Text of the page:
How familiar is your target audience with your subject? Are they experts or novices, and how are you defining that? Generally, the higher the level of expertise, the higher the dependence on pattern recognition. Novices carefully and slowly compare details; experts read patterns quickly and act decisively.
• CHECK THE DATA DUMPSTER BEFORE EMPTYING.
No matter where your data comes from, think about what has been omitted. Was that distracting noise that was tossed, or crucial context?
By taking a look at the entire picture–instead of isolating a single data point–you open up opportunities for understanding the motivations, reasons, and outlying factors that impact data. Contrary to popular practice of stripping out noise, noise is in fact critical to the generation of deep insights that allow us to design better and more effective brands, products, and services.
The burgeoning Latin American digital media market represents an amazing opportunity for content creators. Representing more than 7% of global Internet users, Latin America is home to emerging markets, Brazil and Argentina, where 79% and 28% of the population consumes content on the Web, respectively — a combined population of more than 100 million. If you add Mexico to the list, where 30% of the country’s 112 million people use the Internet, the list grows to 130 million Internet users.
In Latin America, Facebook accounted for 25% of all time spent online and social networking in general accounted for nearly 30% of online minutes at the end of the year, an increase of 9.5% over the past year. In addition to social media usage, online video consumption increased more than 10% across Brazil, Mexico, Argentina and Chile, and online retail visits increased 30%. The number of searches in 2011 increased 38% to more than 21 billion and, with an average of 173 searches per searcher, Latin America leads the globe in search frequency.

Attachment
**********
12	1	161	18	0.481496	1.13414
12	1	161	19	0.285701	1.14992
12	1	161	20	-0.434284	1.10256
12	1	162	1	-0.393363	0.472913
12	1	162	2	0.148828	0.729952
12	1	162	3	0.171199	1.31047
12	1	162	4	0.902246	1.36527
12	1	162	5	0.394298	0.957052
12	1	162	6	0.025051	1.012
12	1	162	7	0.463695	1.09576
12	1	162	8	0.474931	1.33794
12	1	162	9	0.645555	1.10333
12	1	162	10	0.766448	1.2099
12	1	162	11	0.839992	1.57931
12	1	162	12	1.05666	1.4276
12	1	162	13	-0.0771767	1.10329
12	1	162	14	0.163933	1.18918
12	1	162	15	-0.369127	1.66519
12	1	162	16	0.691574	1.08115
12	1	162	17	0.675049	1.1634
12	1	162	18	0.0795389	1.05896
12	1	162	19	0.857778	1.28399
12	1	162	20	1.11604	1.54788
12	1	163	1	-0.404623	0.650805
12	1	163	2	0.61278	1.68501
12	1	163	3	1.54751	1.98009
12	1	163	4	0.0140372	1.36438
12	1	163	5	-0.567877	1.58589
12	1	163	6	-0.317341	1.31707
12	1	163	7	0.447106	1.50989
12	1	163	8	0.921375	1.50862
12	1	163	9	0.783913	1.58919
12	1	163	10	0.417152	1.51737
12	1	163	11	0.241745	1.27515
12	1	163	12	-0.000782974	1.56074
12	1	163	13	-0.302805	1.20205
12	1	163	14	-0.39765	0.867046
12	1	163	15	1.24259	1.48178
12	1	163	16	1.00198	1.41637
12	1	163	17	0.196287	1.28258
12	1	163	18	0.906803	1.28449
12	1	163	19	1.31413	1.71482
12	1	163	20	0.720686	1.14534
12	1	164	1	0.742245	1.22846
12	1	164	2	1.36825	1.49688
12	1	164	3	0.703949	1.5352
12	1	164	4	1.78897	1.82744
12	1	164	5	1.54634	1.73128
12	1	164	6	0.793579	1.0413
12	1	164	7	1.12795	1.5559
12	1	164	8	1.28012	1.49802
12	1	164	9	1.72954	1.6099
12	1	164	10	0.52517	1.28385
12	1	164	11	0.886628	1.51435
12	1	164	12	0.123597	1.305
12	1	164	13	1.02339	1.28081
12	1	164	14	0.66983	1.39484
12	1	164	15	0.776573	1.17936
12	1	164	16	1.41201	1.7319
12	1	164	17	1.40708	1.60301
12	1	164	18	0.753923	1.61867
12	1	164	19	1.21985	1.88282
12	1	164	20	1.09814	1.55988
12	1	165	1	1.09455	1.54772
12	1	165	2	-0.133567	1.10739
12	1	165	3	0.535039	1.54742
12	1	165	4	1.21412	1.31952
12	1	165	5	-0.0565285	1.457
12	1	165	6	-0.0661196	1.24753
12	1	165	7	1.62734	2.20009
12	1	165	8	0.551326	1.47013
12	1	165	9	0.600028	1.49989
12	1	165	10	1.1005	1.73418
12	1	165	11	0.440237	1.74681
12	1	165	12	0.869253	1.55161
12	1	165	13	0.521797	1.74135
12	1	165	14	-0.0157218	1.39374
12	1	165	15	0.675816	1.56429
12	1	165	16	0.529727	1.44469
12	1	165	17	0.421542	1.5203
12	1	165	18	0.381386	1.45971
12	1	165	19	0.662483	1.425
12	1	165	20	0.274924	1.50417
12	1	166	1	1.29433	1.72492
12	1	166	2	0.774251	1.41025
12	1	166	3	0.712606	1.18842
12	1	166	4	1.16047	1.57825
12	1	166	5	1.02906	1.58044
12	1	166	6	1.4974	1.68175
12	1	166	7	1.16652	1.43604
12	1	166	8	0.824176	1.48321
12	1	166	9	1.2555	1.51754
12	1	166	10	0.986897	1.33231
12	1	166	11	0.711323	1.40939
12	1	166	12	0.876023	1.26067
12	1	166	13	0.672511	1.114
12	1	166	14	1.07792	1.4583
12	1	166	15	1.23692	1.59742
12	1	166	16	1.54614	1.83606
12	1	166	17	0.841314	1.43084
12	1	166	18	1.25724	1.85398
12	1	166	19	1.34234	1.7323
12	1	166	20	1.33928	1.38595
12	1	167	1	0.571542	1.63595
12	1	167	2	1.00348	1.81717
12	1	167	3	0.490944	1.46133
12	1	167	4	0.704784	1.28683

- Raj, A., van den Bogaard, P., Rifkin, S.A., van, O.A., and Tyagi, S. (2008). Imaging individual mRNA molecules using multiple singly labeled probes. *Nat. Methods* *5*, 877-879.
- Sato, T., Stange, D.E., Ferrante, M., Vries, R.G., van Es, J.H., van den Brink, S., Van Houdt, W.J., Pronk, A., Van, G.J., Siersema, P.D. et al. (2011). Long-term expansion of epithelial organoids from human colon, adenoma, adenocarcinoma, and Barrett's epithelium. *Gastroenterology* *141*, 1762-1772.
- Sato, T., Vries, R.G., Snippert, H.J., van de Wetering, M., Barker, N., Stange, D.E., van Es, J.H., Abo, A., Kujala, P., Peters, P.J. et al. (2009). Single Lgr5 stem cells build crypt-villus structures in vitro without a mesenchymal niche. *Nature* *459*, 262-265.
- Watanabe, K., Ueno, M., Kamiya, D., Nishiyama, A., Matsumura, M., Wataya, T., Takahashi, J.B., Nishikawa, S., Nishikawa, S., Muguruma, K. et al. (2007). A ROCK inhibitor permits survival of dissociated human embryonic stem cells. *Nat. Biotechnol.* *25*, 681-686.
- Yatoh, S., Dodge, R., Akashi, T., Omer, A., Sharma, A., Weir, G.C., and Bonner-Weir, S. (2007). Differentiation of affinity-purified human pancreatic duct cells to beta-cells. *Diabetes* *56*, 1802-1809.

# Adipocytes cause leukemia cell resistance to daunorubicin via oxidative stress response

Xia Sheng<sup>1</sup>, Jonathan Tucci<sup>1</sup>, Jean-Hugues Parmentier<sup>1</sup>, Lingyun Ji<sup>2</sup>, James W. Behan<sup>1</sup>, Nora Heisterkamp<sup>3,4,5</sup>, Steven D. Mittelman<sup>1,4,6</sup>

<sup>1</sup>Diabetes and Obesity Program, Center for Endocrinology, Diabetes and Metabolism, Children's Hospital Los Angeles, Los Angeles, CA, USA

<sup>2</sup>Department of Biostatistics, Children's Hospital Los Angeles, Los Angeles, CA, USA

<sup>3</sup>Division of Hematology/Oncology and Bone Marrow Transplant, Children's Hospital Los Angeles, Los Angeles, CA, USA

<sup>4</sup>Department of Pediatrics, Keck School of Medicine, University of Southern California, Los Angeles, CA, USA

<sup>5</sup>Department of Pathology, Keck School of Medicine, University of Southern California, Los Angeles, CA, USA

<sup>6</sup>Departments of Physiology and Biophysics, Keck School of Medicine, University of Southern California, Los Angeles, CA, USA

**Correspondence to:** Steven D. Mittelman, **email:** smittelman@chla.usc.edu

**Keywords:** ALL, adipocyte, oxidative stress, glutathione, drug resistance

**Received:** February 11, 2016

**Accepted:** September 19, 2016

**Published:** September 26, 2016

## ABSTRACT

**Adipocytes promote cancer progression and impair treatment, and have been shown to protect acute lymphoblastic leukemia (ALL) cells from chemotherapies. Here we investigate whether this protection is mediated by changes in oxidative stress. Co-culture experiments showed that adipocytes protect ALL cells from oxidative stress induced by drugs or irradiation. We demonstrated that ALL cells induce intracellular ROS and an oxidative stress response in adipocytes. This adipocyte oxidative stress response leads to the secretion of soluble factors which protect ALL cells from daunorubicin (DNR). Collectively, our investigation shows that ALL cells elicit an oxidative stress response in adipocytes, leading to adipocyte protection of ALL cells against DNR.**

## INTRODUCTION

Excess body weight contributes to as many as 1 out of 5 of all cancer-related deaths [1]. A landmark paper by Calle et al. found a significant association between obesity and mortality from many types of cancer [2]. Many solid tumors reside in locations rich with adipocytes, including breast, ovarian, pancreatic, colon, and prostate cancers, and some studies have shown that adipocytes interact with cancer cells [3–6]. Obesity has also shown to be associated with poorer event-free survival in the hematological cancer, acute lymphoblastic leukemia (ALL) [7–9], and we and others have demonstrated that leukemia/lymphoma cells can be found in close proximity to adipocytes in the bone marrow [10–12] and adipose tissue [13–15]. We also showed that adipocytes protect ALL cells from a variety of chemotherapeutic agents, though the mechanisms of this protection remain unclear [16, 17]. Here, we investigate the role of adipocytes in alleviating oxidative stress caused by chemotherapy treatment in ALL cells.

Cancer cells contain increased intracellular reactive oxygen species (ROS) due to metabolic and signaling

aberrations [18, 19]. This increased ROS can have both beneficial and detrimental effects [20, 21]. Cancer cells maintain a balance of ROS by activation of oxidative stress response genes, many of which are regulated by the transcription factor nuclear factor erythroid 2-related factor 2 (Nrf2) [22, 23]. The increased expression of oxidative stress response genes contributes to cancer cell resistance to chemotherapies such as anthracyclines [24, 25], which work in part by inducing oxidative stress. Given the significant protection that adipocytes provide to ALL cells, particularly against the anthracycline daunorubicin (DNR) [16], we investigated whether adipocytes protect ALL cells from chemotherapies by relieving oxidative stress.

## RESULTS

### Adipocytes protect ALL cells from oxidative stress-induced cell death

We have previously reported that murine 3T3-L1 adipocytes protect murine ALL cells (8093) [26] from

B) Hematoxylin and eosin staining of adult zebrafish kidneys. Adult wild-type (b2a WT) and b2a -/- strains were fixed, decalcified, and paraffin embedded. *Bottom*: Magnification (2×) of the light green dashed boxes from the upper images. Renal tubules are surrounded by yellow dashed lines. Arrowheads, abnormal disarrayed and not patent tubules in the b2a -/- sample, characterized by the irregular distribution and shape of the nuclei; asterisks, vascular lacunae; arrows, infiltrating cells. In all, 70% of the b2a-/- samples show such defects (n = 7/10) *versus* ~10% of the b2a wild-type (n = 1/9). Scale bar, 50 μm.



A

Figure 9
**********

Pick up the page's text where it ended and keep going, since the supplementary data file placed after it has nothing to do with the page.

The U.S. Hispanic market represents an equally important demographic. More than 33 million Hispanics were online in September of last year, representing 15% of the U.S. online market, a demographic that is growing three times faster than the general market online. Eighty percent of online Hispanics use a search engine each month and 80% of online Hispanics visit Facebook each month.
Content creators must focus on the Latin American and U.S. Hispanic markets in order to maximize overall content viewership and engagement. Reaching English-speaking content consumers in the U.S. and south of the border has never been more important and will only become more important in the coming years. Moreover, creating and distributing Spanish-language content in the U.S. and Latin America is an equally important objective.
Understanding and working within these communities will enable brands and publishers to attract a portion of the world that will dominate digital content consumption in the coming years. The creation of relevant content and finding partners to help distribute that content must be among your top priorities.